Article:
Dallas Renegades Air Raid Offense – Expect High Scores

Oregon State Beavers quarterback Jake Luton (6) in the second half of an NCAA college football game Saturday, Aug. 26, 2017, in Fort Collins, Colo. (AP Photo/David Zalubowski)

The most recent episode of Inside the Mind of Mumme, Ep. 2 shined more light on the air raid philosophy for the Dallas Renegades.  This philosophy should be beneficial for the Renegades’ success and any actual playmakers they have on the field.  The air raid is literally created for playmakers, who can catch a 5 yard out and hit it up the sideline for 50 yards.  Yards after the catch (YAC) is the name of the game, and the offense really wants you to focus in on that one guy who needs to be accounted for as the playmaker, so that the offence can adjust and kill you somewhere else, either by match up or blown coverage.  The play calling is what has me most excited about the XFL.  The NFL is known to be a copycat league, except for the Baltimore Ravens this year, every team ran the same vanilla offense, with subtle adjustments sprinkled in.   By incorporating an offense like the air raid, it makes for a mix match nightmare for defenses.  The ever-changing formations and early nickel-dime plays can lull a defense to sleep, opening a big play at any given moment. 

With Landry Jones expected to miss 4-6 weeks due to a knee injury, either former East Carolina QB Philip Nelson or the newly acquired former Syracuse QB Eric Dungey have a chance to land a pretty good starting role.  The only job of the QB in an air raid offense is to facilitate the ball to the playmakers on the short opportunities.  It is pivotal that you have a QB who be damn near 100% on short throws, or you’re doomed.  You aren’t expected to be the savior heaving 20 yard passes every play, unless that’s what the defense gives you, so of course its imperative that either QB has a firm grasp of the play call system, but I think, even if they just trust the system as is, they can be successful.  More importantly, the WR and RB playmakers will emerge quickly in this offense.  As Dallas Renegades OC Hal Mumme explains, “its not that there are a ton of plays, but it is really based on formations and motions.” This then sets up the best possible match up.  Which means, even if they keep a steady rotation of players switching in and out, there should not be any confusion as long as you know where to be to execute your route in the concept.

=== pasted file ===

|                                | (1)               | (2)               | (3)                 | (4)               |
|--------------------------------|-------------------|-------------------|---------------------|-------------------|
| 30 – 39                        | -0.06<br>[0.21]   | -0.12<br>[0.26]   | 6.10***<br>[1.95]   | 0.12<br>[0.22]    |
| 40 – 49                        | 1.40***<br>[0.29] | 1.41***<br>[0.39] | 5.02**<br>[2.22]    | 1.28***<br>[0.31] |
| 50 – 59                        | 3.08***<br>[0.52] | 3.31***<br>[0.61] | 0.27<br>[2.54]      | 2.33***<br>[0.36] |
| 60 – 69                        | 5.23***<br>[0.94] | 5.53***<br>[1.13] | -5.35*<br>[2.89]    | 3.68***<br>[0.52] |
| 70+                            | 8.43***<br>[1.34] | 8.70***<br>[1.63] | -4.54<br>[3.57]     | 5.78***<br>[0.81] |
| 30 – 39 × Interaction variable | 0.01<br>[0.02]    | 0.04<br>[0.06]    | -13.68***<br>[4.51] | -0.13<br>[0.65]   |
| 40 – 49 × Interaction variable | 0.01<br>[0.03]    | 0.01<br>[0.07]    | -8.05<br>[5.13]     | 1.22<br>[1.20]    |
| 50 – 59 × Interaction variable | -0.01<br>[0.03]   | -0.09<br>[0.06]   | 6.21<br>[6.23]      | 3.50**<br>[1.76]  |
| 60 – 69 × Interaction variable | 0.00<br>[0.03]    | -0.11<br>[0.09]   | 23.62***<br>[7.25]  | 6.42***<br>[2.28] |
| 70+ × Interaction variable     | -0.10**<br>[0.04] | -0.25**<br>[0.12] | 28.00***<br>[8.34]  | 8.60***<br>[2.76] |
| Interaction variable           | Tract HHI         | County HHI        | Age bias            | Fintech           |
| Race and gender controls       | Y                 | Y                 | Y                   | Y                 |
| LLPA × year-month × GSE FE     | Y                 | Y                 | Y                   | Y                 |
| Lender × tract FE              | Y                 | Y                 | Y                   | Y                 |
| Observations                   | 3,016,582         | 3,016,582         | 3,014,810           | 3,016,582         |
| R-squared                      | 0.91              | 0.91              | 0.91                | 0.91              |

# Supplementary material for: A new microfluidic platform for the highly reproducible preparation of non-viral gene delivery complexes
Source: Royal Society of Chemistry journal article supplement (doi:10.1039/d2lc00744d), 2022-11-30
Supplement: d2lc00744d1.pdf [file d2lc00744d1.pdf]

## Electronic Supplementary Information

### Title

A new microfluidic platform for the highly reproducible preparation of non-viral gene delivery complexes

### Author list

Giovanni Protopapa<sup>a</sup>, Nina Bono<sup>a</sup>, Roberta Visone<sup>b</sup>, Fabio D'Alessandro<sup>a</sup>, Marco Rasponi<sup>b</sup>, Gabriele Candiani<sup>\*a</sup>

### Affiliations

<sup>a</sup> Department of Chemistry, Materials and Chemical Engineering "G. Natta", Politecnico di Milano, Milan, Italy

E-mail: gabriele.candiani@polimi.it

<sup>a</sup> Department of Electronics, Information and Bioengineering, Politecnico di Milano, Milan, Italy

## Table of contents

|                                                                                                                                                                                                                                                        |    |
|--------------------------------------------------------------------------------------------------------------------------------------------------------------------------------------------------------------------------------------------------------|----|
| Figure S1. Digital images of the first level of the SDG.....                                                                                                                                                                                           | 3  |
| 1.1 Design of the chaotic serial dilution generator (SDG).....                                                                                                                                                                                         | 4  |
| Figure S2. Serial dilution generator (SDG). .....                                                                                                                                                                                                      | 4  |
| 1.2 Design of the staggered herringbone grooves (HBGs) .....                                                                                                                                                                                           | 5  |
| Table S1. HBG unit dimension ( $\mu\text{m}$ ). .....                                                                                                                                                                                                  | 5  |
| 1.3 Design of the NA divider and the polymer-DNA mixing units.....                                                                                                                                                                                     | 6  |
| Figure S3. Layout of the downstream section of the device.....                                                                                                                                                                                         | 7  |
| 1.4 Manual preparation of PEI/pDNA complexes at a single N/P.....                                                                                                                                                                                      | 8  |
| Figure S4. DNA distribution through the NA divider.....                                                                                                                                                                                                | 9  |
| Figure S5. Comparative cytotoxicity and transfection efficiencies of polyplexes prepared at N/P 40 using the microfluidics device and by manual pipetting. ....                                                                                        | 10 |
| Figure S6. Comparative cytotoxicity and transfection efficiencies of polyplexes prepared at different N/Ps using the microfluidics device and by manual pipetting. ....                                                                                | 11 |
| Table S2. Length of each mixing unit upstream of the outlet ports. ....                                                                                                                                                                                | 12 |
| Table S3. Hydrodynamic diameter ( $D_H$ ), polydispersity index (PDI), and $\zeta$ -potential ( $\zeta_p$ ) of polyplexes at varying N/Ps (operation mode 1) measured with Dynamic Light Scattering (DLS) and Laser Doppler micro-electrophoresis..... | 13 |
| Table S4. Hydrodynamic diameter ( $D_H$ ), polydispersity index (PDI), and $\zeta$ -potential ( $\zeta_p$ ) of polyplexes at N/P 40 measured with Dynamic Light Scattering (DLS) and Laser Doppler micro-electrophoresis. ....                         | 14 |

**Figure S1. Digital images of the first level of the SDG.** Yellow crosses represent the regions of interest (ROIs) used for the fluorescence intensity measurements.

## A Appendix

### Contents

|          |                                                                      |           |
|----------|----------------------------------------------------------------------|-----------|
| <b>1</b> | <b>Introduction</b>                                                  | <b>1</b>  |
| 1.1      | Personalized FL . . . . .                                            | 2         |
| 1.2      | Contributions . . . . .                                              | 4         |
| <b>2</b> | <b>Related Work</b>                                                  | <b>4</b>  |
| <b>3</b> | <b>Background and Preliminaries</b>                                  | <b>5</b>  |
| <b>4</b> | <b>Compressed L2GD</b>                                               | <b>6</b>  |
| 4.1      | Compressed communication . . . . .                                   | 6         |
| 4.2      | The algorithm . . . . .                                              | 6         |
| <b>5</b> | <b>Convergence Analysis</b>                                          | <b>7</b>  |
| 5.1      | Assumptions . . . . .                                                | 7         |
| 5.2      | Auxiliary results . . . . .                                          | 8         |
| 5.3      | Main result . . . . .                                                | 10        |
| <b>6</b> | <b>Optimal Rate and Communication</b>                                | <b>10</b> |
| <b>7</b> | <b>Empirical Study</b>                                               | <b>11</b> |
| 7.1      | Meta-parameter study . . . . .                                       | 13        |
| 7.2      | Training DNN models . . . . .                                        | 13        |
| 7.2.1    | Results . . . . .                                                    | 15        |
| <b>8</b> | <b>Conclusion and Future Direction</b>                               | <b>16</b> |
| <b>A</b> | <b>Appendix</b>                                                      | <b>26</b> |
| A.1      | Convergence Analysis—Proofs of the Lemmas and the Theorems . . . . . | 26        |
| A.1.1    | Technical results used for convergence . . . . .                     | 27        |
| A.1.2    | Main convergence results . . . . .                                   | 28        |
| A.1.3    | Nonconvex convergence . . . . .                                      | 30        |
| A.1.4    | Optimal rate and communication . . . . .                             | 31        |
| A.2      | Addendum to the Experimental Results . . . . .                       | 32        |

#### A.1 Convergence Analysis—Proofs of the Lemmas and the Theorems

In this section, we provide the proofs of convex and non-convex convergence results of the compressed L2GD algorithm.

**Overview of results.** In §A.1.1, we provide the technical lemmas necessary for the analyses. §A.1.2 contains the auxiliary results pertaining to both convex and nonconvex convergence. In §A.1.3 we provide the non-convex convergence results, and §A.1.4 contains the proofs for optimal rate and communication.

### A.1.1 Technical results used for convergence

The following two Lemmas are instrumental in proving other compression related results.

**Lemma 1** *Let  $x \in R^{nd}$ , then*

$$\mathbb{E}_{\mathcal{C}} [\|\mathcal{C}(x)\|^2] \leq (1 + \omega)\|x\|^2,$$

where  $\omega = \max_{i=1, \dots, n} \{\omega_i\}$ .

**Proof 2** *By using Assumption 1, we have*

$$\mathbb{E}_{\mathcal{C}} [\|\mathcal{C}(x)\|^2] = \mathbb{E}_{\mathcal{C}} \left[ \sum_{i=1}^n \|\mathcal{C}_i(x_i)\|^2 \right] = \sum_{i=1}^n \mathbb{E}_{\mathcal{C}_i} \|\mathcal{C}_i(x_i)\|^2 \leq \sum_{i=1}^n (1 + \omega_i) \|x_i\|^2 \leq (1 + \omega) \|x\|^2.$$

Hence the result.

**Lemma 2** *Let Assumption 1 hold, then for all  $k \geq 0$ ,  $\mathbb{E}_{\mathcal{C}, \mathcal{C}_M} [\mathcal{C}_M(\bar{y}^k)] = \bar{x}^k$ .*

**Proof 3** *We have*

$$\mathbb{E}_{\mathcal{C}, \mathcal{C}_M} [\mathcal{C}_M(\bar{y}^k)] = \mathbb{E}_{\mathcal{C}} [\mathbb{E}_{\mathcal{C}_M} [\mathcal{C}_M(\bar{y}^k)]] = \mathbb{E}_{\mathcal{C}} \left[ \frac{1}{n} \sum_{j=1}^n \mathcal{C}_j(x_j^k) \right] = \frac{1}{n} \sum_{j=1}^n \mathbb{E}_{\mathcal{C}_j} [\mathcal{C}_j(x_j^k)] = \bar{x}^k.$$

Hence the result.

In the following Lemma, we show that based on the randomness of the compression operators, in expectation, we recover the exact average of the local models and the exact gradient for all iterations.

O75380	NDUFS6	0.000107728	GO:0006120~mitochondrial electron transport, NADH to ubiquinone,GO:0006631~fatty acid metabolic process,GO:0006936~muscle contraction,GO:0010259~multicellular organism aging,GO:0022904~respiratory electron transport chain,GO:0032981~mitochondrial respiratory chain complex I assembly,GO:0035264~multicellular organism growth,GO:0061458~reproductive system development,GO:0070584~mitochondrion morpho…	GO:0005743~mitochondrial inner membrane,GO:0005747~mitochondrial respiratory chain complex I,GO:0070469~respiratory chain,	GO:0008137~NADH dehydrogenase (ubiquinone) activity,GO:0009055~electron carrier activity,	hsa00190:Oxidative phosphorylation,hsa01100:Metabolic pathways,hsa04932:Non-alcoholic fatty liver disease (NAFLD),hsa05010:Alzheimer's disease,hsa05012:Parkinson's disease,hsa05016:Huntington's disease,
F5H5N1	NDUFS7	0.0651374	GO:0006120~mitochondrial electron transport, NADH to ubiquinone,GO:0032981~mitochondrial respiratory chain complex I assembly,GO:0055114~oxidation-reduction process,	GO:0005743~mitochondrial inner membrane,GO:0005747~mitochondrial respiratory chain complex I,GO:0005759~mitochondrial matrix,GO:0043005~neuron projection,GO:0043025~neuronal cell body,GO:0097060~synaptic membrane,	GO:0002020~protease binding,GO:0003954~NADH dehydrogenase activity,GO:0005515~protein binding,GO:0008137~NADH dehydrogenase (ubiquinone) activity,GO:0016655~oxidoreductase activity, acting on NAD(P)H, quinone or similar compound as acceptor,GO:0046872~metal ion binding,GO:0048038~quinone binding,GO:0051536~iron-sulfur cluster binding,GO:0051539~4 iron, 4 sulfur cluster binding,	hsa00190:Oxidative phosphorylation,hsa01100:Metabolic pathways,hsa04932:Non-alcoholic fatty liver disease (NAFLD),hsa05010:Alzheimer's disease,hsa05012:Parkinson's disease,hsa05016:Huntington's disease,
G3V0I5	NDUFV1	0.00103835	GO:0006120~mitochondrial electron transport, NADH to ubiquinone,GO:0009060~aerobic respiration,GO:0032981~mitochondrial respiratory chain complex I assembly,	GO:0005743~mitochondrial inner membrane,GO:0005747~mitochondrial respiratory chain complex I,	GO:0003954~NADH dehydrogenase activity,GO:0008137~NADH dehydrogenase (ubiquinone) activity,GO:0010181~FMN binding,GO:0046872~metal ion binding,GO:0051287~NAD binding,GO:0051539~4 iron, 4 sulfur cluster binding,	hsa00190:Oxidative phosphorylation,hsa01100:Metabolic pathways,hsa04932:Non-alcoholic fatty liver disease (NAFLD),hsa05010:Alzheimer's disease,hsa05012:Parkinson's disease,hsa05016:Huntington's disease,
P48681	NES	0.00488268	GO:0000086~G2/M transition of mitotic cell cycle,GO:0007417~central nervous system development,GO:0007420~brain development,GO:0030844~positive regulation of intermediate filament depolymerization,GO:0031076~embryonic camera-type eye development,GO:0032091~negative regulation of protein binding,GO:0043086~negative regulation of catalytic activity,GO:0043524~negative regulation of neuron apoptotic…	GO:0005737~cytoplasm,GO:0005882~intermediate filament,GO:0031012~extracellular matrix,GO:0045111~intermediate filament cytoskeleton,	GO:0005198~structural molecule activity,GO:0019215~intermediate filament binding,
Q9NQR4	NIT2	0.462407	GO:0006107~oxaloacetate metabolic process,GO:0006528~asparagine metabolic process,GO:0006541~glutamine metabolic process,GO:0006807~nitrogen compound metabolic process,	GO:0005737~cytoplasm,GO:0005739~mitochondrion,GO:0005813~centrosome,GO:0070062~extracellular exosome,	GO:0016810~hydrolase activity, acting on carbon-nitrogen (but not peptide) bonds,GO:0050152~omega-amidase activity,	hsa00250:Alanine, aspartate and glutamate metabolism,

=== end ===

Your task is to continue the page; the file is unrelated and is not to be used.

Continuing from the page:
This looks good on paper, and I can’t help but think about the Mike Leach led 2008 Texas Tech air raid offense that took the NCAA by storm.   Former Texas Tech QB Graham Harrell was feasting on defenses, and even managed to go up against a stout Texas Longhorn defense for a historic win that will go down in history as one of the greatest games of that decade.  It also doesn’t hurt to have had a WR playmaker like Michael Crabtree.  What’s even more ironic about this air raid history lesson is that the one regular season loss that occurred for Texas Tech in ’08 was to the Oklahoma Sooners.  Score, Oklahoma 61, Texas Tech 21.  Who was the head coach of the Sooners at the time you ask?….Bob Stoops.  Who is the head coach for the Dallas Renegades?……Yea.

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